Not long back one of my daughters went for a job interview and when asked the question, “And what do you see as one of your weaknesses?” She said, “Well there are a couple of aspects of the job I’m a bit worried about, like do I have to know how to fill in all the forms straight away?”

“Oh don’t worry about that”, the interviewer said. “You’ll get lots of training in all that stuff”.

Satisfied with her response, the interviewer moved on. And yes, she did get the job. She told me later that she’d prepared her response to the likelihood of this ‘What’s an area you need to work on’ question before she went for the interview. Make sure you do the same.

Rehearse the Interview ‘Live’. Never ever would I speak in front of an audience or conduct a workshop or one-on-one coaching session without first running through the whole thing in my mind. Preparing for an interview is exactly the same. Here’s how: For five to ten minutes a day, a few days before the interview, sit down in a quiet corner and actually ‘see’ the interviewers in front of you and how they’re reacting to what you’re saying in response to their questions about specific job requirements. Don’t be concerned with the exact words you use, unless they’re key phrases or terminology you’d use for effect; just mull over your main ideas for each requirement and let the words intuitively flow as they would in normal conversation. Some of this is out loud; most of it will be in your head.

Especially concentrate on all possible questions they could throw at you and select key ideas and examples with which to answer these questions. Brainstorm a list of possible curly questions they could throw at you then get someone to ask you these questions at random. If you have to do this by yourself write the questions on little pieces of paper, mix them up, then randomly speak to them as if replying to the interviewer. Now you might only have to use one or two of these responses – but you never know. In any case you are prepared for them for you will have created an internal comfort zone within yourself so you’re in control of the situation. Only now are you ready to attend the interview and interact with confidence! If a particular meeting or interview is important to you, you should rehearse it ‘live’ beforehand every time.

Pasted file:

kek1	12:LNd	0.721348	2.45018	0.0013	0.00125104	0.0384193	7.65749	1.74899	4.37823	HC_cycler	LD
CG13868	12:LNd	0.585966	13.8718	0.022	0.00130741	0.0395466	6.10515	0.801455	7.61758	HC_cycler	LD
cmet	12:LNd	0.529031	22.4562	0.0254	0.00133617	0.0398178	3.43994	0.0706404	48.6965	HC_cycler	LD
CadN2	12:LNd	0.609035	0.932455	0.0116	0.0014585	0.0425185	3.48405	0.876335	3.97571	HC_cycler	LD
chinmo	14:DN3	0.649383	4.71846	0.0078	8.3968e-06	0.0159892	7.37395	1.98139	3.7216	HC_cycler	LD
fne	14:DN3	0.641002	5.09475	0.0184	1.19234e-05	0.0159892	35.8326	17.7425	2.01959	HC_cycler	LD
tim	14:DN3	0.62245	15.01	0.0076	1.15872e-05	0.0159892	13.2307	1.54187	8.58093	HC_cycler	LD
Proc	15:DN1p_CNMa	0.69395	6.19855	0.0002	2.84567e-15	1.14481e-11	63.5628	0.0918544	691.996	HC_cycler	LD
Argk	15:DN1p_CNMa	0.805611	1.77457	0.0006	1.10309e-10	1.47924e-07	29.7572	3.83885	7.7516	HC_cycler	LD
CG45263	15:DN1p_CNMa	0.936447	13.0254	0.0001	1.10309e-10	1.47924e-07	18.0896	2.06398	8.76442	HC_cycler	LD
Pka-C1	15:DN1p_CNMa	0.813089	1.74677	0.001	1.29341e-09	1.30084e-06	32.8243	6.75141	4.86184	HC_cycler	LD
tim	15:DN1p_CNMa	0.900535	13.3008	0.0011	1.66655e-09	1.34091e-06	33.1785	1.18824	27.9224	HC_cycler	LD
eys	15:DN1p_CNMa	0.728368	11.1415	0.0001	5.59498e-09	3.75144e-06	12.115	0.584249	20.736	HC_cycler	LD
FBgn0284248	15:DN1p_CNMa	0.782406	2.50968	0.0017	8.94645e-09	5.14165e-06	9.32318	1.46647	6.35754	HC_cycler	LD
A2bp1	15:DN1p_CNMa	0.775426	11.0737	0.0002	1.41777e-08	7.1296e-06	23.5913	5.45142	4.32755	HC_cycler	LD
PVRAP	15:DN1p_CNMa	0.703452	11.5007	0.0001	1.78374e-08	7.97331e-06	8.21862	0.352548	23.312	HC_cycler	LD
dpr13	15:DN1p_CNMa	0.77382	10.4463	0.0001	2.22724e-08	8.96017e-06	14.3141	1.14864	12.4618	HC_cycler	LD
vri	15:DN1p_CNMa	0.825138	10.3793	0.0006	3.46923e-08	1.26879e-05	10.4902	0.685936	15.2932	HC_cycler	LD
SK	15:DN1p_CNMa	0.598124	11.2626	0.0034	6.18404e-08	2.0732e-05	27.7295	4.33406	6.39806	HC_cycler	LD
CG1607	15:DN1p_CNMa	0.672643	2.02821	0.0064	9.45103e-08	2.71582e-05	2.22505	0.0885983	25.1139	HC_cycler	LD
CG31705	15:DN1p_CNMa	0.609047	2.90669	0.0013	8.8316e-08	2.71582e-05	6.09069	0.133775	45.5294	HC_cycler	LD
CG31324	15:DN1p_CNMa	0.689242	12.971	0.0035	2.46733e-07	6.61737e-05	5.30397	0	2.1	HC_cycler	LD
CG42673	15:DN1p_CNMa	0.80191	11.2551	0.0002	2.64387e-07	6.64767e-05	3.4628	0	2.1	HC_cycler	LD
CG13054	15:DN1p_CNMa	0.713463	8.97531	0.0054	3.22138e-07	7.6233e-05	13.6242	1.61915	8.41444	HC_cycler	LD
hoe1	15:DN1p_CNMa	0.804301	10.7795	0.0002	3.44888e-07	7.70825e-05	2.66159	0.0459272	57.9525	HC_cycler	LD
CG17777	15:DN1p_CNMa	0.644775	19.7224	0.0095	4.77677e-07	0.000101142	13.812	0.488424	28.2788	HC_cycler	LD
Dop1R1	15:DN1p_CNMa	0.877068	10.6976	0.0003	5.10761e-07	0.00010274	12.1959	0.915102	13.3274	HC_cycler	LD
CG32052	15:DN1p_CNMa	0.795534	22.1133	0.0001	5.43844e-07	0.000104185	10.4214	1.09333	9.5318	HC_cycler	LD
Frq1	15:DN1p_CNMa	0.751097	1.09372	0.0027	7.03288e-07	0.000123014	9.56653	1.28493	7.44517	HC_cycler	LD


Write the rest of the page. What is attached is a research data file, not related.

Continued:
In a nutshell 

  • Break the ice with small talk 
  • Carry yourself with the quiet confidence of one who believes in themself 
  • Learn as much as you can about the organization before the interview
  • Arm yourself with specific incidents and examples of your positive ‘people’ qualities 
  • Prepare a response to the questions: “What do you see as your strengths?” “…an area you need to work on?” 
  • Create an internal comfort zone within yourself by rehearsing the interview ‘live’ 

So there you have it… everything you need to know to handle yourself effectively in an interview. Remember that being a little on edge and keyed-up is normal, just act more confident than you really feel and this is what they’ll perceive you to be. Study these tried-and-proven tips a few times before any interview and put them into practice for they really do work. Now I can’t promise that you’ll get the job. But I can promise that you’ll give that job you’re after a real nudge!


About the author: Laurie Smale is an inspirational speaker, author and Master Speech coach. His ideas and inspirations on communicating effectiveness have changed the lives of thousands. This article is taken from his life-changing e-book “How to Be a Conversational Success!” To learn more visit The added bonus is that with all his products you get Laurie as your personal email coach for life!

Job Interview Preparation Tips to Help Get You Past Round One

The job interview is the most crucial part of any job application. This is where the employer meets the new hire for the first time, and the old adage “first impressions last a life time” could never be more applicable. You can do many things to be sure that the first impression is a good one. These job interview preparation tips are invaluable when getting ready for your next meeting.


Tip 1)Practice the interview at home, in front of a mirror.

The more confidence you have in the ability to sell yourself, the better chance you have to make a good first impression. Be prepared for the usual questions: “Why did you leave your last job? “What did you like about your last job?” What did you dislike about your last job?” and “What makes you think you would make a good choice for this company?” are all very popular questions for an interview.